Lets get the positives out of the way first, and focus on the visual presentations which once again thrill and awe us with flawless animation. A majority of this film is again used with the lego toy line, and it really never fails to amaze me just how detailed the backdrops and landscapes detail even the most minute of properties to get it all correct. What’s impressive to me here isn’t so much the visual features, which are oscar-worthy, but more in the camera work that feels like it is at its most experimental peak with the series. Considering there is so much going on with so many monsters and gigantic robots flying through the air, the camera work follows along cohesively without too much shaking camera effects to throw us off. Throughout the weaving of building and towers, you really get a sense of the urgency that carries itself in the atmospheres, and it all really just makes you wish these tiers in effects were able to be used more effectively in live action genre flicks. The color palate is also jaw-dropping, especially with the wardrobes of the characters who come across as a Power Rangers of sorts with their varying colors to represent their inner gifts.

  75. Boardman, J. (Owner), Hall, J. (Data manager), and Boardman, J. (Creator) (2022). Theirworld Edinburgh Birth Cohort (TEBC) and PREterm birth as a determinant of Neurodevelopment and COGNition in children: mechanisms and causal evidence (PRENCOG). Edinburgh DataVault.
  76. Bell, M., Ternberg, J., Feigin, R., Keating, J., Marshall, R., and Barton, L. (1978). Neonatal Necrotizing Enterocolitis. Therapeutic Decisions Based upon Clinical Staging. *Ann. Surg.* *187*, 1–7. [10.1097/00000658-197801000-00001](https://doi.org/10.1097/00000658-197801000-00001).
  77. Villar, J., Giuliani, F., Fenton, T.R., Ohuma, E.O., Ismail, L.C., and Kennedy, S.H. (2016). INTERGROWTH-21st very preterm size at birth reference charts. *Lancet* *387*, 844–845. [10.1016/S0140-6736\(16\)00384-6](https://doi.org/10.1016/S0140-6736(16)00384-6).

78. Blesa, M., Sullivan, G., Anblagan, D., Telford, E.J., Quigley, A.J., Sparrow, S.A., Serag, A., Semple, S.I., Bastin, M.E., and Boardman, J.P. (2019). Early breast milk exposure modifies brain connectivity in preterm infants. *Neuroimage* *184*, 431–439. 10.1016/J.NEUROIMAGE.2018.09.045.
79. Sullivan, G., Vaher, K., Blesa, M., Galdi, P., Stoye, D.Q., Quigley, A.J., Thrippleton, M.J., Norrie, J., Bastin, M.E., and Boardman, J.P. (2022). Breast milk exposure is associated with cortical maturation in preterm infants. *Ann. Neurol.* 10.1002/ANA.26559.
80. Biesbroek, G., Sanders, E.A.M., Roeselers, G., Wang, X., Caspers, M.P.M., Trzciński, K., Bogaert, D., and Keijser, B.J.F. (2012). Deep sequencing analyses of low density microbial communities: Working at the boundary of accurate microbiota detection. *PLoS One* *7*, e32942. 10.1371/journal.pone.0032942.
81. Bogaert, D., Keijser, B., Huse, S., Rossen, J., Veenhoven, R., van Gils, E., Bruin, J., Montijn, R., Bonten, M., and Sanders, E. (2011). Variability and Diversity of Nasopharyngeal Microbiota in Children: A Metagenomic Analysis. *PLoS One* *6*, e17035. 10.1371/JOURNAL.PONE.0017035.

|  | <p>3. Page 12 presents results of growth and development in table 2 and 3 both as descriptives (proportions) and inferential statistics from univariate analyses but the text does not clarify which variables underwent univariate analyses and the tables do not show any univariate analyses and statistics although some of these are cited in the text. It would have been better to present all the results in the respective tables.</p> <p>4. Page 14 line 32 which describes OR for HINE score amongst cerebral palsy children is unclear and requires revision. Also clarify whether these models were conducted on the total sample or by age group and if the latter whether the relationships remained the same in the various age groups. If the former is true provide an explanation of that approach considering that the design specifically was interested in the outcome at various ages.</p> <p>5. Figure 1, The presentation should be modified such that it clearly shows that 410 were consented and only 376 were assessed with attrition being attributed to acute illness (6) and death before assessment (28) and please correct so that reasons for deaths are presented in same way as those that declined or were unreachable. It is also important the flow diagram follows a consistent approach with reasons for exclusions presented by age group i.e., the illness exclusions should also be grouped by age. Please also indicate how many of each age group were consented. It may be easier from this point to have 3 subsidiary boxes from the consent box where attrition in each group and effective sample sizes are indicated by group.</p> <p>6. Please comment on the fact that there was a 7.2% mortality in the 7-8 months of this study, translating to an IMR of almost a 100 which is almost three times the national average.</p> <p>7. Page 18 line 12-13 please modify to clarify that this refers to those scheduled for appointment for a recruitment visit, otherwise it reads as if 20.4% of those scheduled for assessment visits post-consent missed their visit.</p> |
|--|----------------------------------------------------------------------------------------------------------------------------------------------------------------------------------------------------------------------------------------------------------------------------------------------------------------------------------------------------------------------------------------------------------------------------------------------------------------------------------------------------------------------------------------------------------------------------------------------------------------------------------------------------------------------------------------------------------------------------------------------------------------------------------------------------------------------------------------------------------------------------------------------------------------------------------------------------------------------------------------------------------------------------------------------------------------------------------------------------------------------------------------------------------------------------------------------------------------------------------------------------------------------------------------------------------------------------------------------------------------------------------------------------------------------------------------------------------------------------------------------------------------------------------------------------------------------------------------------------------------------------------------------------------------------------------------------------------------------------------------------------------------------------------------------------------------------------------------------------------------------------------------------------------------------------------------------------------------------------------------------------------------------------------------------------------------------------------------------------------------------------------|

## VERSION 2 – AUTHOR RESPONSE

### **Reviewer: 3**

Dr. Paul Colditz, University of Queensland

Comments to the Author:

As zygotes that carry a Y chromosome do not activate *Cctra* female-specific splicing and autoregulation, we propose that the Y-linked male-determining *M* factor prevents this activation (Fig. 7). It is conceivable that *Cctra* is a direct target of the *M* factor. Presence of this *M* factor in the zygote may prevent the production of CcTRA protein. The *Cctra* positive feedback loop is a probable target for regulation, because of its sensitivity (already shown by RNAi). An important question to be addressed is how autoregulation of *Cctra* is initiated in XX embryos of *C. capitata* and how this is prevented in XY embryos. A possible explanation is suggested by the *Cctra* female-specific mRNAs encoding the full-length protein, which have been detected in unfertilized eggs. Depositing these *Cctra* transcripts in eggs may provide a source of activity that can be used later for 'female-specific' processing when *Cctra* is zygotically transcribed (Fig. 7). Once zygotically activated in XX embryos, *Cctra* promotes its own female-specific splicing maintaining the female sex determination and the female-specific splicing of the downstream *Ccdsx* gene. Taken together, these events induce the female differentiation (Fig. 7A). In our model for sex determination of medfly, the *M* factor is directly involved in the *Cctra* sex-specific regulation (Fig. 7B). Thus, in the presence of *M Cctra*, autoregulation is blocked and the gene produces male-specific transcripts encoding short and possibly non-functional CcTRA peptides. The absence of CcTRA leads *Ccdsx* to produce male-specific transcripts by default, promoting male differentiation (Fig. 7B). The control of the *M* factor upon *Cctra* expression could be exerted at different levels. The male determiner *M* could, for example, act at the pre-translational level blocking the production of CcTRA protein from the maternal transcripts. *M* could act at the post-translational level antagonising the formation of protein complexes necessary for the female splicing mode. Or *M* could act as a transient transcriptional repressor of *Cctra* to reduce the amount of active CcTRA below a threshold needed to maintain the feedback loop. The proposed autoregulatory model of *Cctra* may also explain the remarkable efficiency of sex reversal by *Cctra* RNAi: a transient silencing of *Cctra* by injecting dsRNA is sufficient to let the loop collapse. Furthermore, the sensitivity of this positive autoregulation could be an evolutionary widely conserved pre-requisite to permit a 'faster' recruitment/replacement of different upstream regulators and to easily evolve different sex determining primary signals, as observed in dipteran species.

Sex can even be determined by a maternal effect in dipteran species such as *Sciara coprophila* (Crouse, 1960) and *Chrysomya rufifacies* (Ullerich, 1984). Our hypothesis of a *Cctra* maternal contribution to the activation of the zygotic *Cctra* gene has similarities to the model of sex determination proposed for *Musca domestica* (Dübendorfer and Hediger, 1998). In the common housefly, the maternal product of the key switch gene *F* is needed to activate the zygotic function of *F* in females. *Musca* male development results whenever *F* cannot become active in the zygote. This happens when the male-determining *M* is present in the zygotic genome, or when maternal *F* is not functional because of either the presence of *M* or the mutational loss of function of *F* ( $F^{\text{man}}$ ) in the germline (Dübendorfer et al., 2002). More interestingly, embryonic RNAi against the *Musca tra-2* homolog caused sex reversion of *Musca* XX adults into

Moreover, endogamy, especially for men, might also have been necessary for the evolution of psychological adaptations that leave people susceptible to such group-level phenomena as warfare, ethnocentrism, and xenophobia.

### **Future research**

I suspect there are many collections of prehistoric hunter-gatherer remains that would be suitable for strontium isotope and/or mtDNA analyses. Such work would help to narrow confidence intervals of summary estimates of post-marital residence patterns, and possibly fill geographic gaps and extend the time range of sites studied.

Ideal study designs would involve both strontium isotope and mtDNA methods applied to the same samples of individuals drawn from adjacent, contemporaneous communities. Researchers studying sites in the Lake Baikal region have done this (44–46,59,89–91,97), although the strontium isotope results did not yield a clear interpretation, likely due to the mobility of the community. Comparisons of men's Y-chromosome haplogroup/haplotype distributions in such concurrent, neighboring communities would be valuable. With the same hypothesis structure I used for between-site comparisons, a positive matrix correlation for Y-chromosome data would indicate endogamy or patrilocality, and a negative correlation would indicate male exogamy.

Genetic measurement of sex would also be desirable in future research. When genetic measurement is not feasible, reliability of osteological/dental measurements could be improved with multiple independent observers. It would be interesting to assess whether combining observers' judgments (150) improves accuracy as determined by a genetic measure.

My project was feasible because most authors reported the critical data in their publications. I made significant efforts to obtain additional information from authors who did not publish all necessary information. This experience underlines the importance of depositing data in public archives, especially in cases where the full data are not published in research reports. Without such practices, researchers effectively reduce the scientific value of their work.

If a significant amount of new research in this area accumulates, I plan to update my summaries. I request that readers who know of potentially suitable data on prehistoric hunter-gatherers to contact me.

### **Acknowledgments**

With the setting, the setup is the same as ‘The Lego Movie’, and for anyone who saw that film you will understand the deeper intention of what is really going on here. My problem with it however, is that once you understand the real life setting of where this is all taking place and between what characters in the movie, it starts to add up how this wouldn’t be possible in such a limited amount of space. Even the widest suspension of disbelief doesn’t sync accordingly to the kind of pulled back practicality that the first film in this series showed us, and I would’ve been fine with this just being a stand alone animation film that doesn’t depend on human architects to tell its story. Aside from this, I never had a problem with anything included within this stage. Even the C.G additional work is used in such a practicality that it never overrides or feels jarringly artificial when compared to the practical properties of these toys. It proves once again that Lego is doing things with animation that serves them as the only consistent competition to Pixar at this point.